How Opioid Addiction Is Shaping Pain Management

How Opioid Addiction Is Shaping Pain Management

Matthew Braun, a medical student at Pacific Northwest University of Health Sciences, along with other students and healthcare professionals, has turned their battles with addiction, chronic pain, and issues with prescribing opioids into an opportunity for education, hope, and change. A recent National Public Radio (NPR) article on Braun and others highlights how their individual experiences will help them care for future patients and how the opioid epidemic is shaping pain management. 

Stories of Addiction and Chronic Pain 

Like millions of Americans, Braun was introduced to opioids after getting a prescription for pain after surgery. He recalls, “The first time I ever used an opioid, I felt the most confident and powerful I’d ever felt (NPR, 2019).” Opioids took away his anxiety and inhibitions and he quickly noticed that they were easy to get, “I just started breaking into houses. I found it amazing how trusting people were in leaving windows open and doors unlocked – and I found a lot of prescriptions,” Braun states. 

At the time of his addiction (over a decade ago), many doctors and dentists were overprescribing pain medications, “I didn’t need 20 Vicodin when I got my wisdom teeth out. So I just saved them,” he admits. Now as a medical student and ten years sober, Braun wants to use his experience with addiction to help patients. At a two-day summit in Yakima, Washington, Braun, other medical students, and several healthcare professionals are sharing their stories on addiction, chronic pain, and patient care to create a better culture around pain management and reduce stigma.  

Katie Buckman, a medical student at Pacific Northwest University, also discussed her battle with migraines. Buckman’s migraines have become less intense over time due to a new preventative drug; however, she recalls the shame and stigma left from her experiences as a chronic pain sufferer, “One time I had a doc and before he even came in and introduced himself as my caregiver, he just popped his head in and said, ‘Well, you’re not going to be receiving any narcotics today.’”

Tom Eglin, a faculty member at the university and an emergency room physician at Virginia Mason Memorial hospital in Yakima, faces many challenges when it comes to prescribing pain medication to patients. On the one hand, he sees many overdoses from prescription meds, and on the other hand, he sees patients who are clearly in need of an opioid, “They may have excruciating pain from a kidney stone, a fracture, or a bad burn. Pain is the primary reason that people come to the emergency department.” 

Changing the Conversation on Opioid Addiction and Pain Management 

Buckman, Braun, Eglin, and others at the summit did share a common belief that “People addicted to opioids and people in chronic pain have a lot in common: Both groups face stigma, often struggle to get treatment, and need doctors who understand their problem (NPR).” Eglin feels that maybe doctors need to start looking at patients a little differently when it comes to pain, “Whether they’re addicted or whether they’re a migraine sufferer, they are still there for pain relief. And most people who are addicted still have the perception of bad pain.”  Through summits such as the one at Pacific Northwest University, medical students like Braun and Buckman will be able to empathize at a different level with their patients because they either have experienced chronic pain or addiction. And current physicians will hopefully begin to look at pain and pain management differently and with more compassion.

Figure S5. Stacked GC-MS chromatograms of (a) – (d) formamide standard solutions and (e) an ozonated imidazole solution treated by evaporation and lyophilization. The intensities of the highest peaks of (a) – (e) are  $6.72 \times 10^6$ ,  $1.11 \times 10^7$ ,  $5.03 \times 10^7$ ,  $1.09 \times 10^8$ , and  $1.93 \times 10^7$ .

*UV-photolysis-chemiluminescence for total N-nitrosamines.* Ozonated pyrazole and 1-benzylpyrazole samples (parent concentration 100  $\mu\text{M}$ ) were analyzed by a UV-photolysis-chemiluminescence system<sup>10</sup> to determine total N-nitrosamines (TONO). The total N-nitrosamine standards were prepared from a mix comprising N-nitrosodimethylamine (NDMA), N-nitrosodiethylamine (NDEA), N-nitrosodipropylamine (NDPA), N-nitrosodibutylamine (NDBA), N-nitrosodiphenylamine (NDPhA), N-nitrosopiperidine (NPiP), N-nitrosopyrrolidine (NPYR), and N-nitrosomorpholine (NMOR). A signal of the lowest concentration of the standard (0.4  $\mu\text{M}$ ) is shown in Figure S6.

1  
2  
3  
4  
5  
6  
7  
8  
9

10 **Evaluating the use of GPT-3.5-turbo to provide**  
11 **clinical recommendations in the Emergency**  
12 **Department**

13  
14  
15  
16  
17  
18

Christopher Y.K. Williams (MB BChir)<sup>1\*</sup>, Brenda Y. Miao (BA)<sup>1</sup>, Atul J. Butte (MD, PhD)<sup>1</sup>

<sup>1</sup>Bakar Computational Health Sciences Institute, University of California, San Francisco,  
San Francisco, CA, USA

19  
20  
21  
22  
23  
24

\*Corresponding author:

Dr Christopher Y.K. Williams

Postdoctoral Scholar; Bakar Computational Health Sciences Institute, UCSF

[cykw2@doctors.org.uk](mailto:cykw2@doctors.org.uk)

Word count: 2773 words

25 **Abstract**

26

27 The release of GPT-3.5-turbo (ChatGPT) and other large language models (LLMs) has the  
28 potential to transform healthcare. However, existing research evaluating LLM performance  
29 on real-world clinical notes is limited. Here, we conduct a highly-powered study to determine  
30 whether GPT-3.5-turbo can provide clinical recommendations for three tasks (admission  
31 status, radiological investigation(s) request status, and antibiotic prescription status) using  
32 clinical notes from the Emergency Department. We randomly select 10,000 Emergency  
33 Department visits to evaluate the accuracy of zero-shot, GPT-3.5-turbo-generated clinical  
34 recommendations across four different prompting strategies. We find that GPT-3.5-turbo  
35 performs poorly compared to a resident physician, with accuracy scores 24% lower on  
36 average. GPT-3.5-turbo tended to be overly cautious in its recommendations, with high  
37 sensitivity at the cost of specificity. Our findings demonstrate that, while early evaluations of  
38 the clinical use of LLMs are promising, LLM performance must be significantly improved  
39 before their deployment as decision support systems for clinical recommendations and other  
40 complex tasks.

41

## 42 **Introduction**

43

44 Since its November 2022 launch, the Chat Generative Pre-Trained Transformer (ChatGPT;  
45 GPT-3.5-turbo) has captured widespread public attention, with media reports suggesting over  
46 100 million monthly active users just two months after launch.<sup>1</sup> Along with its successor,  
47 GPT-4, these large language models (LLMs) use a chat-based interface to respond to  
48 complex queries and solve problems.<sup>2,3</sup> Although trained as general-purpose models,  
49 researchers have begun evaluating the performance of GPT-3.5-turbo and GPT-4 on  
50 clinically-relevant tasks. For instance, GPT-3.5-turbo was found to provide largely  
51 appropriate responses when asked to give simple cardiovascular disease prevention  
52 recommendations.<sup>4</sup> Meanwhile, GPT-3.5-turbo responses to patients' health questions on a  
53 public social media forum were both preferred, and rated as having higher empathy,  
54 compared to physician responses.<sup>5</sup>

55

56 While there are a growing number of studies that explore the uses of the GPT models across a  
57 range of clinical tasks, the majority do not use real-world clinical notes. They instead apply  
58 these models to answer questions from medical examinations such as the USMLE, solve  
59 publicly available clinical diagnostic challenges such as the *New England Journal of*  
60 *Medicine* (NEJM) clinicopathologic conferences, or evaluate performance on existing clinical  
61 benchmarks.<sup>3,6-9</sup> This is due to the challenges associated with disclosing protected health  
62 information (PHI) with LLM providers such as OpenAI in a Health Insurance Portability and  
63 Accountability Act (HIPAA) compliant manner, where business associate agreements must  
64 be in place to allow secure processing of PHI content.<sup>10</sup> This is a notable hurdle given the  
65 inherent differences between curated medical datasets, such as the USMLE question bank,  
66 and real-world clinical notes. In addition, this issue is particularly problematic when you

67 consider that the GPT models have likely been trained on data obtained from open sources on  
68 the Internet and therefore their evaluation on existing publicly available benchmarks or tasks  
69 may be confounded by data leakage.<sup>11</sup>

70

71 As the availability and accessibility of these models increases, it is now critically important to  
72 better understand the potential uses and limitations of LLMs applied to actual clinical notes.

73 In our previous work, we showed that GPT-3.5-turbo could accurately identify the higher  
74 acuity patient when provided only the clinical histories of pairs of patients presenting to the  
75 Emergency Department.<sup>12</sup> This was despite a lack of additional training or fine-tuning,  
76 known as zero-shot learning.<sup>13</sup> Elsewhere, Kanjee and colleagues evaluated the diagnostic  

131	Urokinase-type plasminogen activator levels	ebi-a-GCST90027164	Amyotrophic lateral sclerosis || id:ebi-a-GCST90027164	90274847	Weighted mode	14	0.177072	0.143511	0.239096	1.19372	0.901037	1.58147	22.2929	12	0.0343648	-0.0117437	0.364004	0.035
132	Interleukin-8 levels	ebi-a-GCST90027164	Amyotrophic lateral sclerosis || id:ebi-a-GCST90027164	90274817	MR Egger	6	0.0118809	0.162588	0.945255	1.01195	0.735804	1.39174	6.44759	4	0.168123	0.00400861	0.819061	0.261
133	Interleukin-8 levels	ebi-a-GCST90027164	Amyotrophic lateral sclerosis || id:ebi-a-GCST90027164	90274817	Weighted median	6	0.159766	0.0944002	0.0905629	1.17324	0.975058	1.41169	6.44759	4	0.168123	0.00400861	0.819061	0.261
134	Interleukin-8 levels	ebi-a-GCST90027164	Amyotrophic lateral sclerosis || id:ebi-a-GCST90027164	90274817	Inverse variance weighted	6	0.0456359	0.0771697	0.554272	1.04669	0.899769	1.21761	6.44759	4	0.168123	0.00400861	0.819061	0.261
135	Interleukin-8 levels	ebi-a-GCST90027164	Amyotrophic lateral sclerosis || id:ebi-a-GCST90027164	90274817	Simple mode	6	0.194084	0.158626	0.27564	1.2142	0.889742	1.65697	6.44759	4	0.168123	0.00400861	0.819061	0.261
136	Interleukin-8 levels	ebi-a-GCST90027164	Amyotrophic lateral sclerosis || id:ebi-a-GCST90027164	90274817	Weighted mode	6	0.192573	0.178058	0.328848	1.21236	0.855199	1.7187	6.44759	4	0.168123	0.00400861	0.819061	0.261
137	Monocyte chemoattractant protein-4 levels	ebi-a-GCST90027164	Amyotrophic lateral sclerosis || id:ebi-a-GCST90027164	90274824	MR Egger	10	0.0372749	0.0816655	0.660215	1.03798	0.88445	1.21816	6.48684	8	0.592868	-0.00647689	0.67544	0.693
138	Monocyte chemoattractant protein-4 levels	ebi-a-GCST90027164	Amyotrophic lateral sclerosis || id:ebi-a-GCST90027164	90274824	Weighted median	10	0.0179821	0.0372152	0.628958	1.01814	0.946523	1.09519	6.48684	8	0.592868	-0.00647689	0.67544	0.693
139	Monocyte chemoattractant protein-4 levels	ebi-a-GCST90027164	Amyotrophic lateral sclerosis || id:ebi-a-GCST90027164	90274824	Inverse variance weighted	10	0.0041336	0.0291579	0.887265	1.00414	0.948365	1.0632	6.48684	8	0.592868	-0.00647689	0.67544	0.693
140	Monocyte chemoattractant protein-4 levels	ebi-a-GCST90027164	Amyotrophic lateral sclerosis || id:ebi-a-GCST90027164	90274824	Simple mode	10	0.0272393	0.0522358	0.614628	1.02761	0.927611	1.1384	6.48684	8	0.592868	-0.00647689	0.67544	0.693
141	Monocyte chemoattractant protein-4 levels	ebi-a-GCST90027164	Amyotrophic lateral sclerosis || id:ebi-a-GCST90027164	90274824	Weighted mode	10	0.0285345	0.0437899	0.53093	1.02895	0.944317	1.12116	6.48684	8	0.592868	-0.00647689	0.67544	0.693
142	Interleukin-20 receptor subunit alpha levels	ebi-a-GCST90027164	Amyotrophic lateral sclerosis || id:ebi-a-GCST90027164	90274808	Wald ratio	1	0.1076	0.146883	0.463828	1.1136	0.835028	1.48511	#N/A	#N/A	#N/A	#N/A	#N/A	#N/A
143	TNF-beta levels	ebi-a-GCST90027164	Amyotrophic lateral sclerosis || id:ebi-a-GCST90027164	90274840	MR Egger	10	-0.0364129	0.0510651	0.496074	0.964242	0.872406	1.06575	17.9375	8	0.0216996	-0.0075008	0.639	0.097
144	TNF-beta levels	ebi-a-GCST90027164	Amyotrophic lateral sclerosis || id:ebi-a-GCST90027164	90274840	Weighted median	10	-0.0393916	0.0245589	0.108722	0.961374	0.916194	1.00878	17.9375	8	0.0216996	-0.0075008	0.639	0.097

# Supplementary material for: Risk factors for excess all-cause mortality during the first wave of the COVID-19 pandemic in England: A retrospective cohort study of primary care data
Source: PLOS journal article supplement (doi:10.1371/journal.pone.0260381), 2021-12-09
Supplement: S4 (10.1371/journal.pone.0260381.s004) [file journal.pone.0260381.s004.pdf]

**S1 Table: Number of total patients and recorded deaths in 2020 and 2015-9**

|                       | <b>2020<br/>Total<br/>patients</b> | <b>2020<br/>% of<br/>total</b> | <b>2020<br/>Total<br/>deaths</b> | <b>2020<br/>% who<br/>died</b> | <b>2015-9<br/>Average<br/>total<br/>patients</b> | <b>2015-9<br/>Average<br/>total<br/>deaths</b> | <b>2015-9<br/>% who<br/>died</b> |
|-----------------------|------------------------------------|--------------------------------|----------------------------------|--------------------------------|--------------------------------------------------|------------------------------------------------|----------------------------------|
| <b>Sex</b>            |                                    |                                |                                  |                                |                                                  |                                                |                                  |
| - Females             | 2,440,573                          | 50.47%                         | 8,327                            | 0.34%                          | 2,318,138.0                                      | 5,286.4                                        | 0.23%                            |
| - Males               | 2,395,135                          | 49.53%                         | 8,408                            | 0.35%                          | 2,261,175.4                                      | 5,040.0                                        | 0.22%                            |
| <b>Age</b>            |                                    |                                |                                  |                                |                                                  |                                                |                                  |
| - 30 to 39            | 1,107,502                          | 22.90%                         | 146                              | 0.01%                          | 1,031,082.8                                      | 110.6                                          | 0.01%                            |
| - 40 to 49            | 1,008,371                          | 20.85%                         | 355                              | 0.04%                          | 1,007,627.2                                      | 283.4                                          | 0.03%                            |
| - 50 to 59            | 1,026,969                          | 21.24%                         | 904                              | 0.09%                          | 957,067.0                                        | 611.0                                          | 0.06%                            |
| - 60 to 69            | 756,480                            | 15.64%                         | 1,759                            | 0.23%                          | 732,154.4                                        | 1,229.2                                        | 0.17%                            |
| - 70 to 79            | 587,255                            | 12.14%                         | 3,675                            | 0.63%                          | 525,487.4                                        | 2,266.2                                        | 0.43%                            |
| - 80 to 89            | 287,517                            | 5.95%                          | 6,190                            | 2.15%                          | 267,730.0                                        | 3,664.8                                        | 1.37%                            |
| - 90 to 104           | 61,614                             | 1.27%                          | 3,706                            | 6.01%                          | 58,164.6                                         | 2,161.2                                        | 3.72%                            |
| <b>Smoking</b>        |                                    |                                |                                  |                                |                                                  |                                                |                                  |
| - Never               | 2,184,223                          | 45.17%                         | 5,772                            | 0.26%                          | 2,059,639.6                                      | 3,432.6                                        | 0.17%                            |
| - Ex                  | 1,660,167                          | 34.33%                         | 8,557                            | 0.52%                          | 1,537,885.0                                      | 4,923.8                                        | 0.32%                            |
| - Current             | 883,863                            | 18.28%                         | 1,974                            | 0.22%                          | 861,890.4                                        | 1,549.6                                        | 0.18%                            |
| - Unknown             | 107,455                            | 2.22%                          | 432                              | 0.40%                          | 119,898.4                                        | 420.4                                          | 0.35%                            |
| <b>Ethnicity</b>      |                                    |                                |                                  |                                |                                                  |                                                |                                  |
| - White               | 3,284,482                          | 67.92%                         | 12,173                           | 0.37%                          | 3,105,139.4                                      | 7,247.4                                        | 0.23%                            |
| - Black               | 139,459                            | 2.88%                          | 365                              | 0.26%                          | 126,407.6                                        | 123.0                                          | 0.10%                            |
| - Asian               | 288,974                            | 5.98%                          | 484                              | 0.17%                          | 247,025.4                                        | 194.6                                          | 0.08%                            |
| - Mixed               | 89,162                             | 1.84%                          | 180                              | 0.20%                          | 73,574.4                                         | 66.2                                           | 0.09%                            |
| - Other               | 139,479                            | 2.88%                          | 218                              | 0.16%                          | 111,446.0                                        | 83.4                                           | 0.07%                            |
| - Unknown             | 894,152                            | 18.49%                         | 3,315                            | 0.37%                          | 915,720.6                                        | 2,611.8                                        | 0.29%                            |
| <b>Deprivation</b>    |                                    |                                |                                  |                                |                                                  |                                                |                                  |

Dealing With the Opioid Crisis Head On 

The intersection between pain management and opioid regulation is a very complex and delicate area. Those in chronic pain need relief and compassion, but dealing with the misuse, addiction, and overdoses associated with the use of opioid medications poses major challenges. In response to these issues, the U.S. Department of Health and Human Services (HHS), the Centers for Disease Control and Prevention (CDC), and the National Institutes of Health (NIH) are focusing their efforts on several major priorities:

  • Improving access to addiction treatment and recovery services and educating health professionals on how to manage chronic pain in adults with or in recovery from a substance use disorder (CDC).
  • Supporting healthcare providers and health systems with information, tools, and guidance for evidence-based decision-making to improve opioid prescribing and patient safety.
  • Promoting the use of overdose-reversing drugs (i.e., Narcan).
  • Providing increased support for research on pain and addiction to inform healthcare practices, reduce opioid prescribing, and combat the opioid crisis.
  • Advancing better practices for pain management, including alternative treatments and integrative approaches for managing pain. 
  • Educating the public of the epidemic through better public health campaigns and encouraging the safe collection and disposal of unused prescription drugs.

Despite the legitimate use of opioids for pain relief, these drugs also carry a high potential for addiction. If you or someone you know is struggling with opioid addiction and needs help, please reach out to Silver Lining for a free consultation at (866) 448-4563.  We offer individualized outpatient treatment programs, compassion, and support, and post-rehab care services such as 12-Step programs, SMART Recovery, and meditation classes to help conquer your addiction, heal, and get back to a healthy and happy drug-free life. 

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